Lately I’ve been trying, with much laziness and distraction, to conquer depression—to not only conquer it, but to brutally torture and murder it with repeated and frightening strikes of joy and laughter.
One exercise I gathered from reading The 80/20 Principle was to think of the things that made me happy, and to spend more time and effort on those things.
Using a pen and paper, I wrote down a list of things that made me happy. But there were two particular things I had to cross out:
Getting drunk with women
I showed these two to Christie.
“Getting drunk with women?” She said, annoyed.
And then I spent the next half hour explaining to her that I was just joking.
But secretly, afterwards, when I was all alone, in my car, I began thinking: “What is it about getting drunk with women that makes me happier than getting drunk with men? Or being sober with women? Or even meditating? I mean, meditation is great, but there’s something profoundly anti-social about it…”
But I also know that nothing good, in the long run, can ever come from relying on getting drunk for happiness. In fact at some point I’d vowed to never drink for the rest of my life, and I’d tell people, as humbly as I could, “I’m sort of, like—I mean this isn’t a sure thing, and I’m taking it one a day at a time—thinking of, like, never drinking again. (Insert awkward pause). For the rest of my life.” And they’d give me this look that I couldn’t really define: a blank stare, a polite smile, lies, lies, lies. And I’d think of Jesus who turned water into wine but was never mentioned to drink wine Himself.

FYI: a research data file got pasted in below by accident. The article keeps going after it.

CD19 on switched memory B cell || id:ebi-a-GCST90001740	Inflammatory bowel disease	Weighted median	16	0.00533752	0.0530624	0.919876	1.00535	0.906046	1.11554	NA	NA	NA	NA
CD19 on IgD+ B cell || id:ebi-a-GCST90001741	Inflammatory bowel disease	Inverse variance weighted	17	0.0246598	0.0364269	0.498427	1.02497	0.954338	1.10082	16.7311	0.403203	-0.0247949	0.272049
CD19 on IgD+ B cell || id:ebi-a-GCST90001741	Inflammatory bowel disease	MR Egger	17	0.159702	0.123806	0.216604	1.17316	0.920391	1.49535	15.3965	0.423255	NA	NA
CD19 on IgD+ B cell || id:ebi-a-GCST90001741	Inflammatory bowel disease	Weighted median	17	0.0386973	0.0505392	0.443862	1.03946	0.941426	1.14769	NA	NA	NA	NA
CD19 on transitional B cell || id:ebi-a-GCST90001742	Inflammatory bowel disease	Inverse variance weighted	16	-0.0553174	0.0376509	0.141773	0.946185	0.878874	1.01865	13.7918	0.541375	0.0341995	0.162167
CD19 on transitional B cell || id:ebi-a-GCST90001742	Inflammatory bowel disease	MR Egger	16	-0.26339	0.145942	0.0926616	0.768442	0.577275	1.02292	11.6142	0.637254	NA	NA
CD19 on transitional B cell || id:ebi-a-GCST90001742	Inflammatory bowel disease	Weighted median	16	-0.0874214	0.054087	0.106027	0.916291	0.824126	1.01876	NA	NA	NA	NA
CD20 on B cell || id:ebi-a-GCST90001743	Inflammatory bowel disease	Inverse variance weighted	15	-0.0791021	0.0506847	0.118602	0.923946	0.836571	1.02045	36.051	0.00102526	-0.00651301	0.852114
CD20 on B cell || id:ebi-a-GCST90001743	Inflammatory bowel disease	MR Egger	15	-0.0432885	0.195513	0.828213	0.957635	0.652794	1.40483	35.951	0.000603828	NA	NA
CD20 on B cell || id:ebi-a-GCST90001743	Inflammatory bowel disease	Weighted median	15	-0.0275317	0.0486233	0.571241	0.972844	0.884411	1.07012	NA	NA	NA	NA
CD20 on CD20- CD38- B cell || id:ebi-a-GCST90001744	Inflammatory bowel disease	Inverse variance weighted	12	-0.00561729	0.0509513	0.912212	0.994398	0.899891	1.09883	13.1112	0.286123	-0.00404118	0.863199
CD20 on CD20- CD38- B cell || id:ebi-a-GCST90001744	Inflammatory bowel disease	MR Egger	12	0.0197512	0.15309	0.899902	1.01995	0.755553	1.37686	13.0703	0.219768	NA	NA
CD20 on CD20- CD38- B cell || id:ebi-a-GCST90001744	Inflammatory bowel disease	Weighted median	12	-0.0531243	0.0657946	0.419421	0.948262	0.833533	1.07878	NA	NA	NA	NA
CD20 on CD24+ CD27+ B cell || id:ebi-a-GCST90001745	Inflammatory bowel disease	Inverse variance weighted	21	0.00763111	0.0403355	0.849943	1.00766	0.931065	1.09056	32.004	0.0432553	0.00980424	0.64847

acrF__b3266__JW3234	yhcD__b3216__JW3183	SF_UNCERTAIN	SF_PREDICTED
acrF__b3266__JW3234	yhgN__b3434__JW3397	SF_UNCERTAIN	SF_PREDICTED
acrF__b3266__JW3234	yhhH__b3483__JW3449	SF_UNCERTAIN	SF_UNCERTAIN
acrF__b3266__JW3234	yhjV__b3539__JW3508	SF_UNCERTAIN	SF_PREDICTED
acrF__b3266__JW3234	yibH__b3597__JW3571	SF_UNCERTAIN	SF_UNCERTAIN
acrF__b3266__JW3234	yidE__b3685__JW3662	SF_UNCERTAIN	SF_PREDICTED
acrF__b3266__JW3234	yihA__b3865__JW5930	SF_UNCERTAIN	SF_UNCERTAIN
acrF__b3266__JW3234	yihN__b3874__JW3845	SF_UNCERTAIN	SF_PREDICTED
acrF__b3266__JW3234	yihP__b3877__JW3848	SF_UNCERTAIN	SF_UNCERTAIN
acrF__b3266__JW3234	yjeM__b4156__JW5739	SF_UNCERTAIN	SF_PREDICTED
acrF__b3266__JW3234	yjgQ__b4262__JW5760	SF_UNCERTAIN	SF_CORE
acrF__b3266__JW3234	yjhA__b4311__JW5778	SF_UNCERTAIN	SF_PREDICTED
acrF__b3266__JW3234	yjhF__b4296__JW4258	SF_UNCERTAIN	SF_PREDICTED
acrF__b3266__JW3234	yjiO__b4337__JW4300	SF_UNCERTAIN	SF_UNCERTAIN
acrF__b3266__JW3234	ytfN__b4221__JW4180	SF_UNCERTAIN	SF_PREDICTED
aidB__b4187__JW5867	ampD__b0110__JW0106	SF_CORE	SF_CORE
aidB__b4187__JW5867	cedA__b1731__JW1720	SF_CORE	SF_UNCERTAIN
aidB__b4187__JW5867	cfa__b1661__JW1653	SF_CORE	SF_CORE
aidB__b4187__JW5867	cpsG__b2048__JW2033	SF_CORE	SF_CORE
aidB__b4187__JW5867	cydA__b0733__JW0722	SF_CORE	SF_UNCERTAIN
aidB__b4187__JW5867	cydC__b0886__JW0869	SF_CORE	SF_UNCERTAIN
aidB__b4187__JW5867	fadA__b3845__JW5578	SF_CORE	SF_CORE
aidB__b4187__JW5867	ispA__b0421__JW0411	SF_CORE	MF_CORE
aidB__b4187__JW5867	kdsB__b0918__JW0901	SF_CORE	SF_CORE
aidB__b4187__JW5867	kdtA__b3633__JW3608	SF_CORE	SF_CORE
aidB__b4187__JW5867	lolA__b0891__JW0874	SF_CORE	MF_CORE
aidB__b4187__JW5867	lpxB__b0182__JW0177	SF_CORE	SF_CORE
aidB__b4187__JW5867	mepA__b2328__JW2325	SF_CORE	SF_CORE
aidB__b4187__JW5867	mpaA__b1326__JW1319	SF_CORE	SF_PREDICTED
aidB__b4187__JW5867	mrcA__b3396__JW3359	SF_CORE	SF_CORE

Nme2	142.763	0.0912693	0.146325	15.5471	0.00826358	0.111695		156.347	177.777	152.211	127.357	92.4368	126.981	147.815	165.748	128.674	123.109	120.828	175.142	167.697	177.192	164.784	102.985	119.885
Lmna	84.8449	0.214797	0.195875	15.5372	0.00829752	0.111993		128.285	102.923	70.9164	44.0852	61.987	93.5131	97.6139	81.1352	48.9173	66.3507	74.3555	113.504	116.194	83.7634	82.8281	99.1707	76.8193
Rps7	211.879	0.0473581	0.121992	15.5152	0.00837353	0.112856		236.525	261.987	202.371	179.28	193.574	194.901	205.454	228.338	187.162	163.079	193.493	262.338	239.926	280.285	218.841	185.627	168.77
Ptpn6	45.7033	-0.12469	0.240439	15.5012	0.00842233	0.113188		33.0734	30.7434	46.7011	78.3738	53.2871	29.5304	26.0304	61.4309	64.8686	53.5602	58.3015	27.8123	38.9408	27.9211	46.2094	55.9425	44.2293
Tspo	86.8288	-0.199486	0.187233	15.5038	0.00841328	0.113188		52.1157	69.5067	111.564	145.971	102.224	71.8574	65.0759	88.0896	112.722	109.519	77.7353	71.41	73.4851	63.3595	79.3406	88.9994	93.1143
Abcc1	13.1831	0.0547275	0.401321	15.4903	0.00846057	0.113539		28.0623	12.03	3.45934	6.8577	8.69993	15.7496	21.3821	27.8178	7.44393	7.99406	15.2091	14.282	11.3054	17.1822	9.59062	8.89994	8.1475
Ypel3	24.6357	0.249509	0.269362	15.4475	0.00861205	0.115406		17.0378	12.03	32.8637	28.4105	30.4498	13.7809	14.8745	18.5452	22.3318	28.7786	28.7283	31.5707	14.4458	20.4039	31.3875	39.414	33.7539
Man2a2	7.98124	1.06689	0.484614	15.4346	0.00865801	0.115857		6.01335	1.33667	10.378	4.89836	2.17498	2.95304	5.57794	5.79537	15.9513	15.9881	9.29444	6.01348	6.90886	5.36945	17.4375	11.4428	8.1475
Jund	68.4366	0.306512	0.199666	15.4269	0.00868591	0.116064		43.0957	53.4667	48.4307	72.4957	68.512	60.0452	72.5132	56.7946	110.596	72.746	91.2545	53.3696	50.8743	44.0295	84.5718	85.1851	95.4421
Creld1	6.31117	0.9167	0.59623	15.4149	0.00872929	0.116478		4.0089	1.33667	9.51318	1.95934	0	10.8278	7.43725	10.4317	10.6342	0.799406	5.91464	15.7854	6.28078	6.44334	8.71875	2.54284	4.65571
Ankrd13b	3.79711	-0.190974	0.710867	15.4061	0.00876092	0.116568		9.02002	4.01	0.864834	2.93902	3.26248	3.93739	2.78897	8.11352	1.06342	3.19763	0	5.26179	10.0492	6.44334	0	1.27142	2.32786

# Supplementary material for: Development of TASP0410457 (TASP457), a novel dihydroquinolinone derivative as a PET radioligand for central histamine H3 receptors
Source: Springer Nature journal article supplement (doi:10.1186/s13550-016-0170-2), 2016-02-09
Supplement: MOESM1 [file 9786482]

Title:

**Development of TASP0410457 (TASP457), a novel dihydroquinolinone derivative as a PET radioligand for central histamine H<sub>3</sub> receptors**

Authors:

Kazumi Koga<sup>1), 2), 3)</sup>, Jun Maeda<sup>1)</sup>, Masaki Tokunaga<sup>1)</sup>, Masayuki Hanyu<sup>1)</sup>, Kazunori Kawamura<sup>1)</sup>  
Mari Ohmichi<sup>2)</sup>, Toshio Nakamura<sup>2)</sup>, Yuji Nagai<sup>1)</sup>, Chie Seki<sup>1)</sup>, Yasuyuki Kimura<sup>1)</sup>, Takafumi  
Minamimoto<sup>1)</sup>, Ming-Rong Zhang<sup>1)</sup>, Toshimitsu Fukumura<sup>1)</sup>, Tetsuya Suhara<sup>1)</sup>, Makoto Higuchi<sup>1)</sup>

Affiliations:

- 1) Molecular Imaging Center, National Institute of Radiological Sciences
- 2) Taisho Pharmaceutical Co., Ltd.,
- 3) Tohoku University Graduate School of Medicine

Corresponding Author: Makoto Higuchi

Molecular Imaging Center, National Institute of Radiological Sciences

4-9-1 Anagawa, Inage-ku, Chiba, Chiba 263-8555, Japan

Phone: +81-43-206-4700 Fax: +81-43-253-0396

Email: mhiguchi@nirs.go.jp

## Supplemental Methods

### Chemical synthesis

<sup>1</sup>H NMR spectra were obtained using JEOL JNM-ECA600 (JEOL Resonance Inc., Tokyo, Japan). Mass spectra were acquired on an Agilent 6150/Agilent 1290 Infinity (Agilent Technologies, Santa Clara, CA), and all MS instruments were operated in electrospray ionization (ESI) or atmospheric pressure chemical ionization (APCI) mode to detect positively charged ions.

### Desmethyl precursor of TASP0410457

There was this one time I drank with a woman, and we had a whole bottle of absinthe, and this woman—she was nineteen, or twenty, and I was nineteen, or twenty—and I’d adored her for years but could never quite say it, and I’d wanted to see her, spend time with her, constantly, for years but could never quite say it, and this night, this night was a night she finally said yes, and this night was My Chance, My Chance to come undone in front of her, to expose a few of my secret sentences, to let her know this: “You are the reason why I cannot sleep. You are the reason why I get the butterflies. You are the reason why I listen to sad music along highways, why I write cryptic things on strangers’ notepads, why I smile in the dark.” And after we drank she invited me over, to sleep at hers, but I had a girlfriend, and she said, “Are you sure? Are you sure?” And I watched her catch a cab and I caught a cab to a friend’s place and he laughed at me and I passed out on his sofa, and I vomited the next morning, and what the hell part of that story made me happy? Was there any happiness at all in it? What good had it given? What good had it produced for our world, for history? I was probably better off meditating, praying, studying, writing, working at a soup kitchen, having sober conversations and double dates and having a gratitude journal and sleeping at ten in the evening and telling people that I was happy.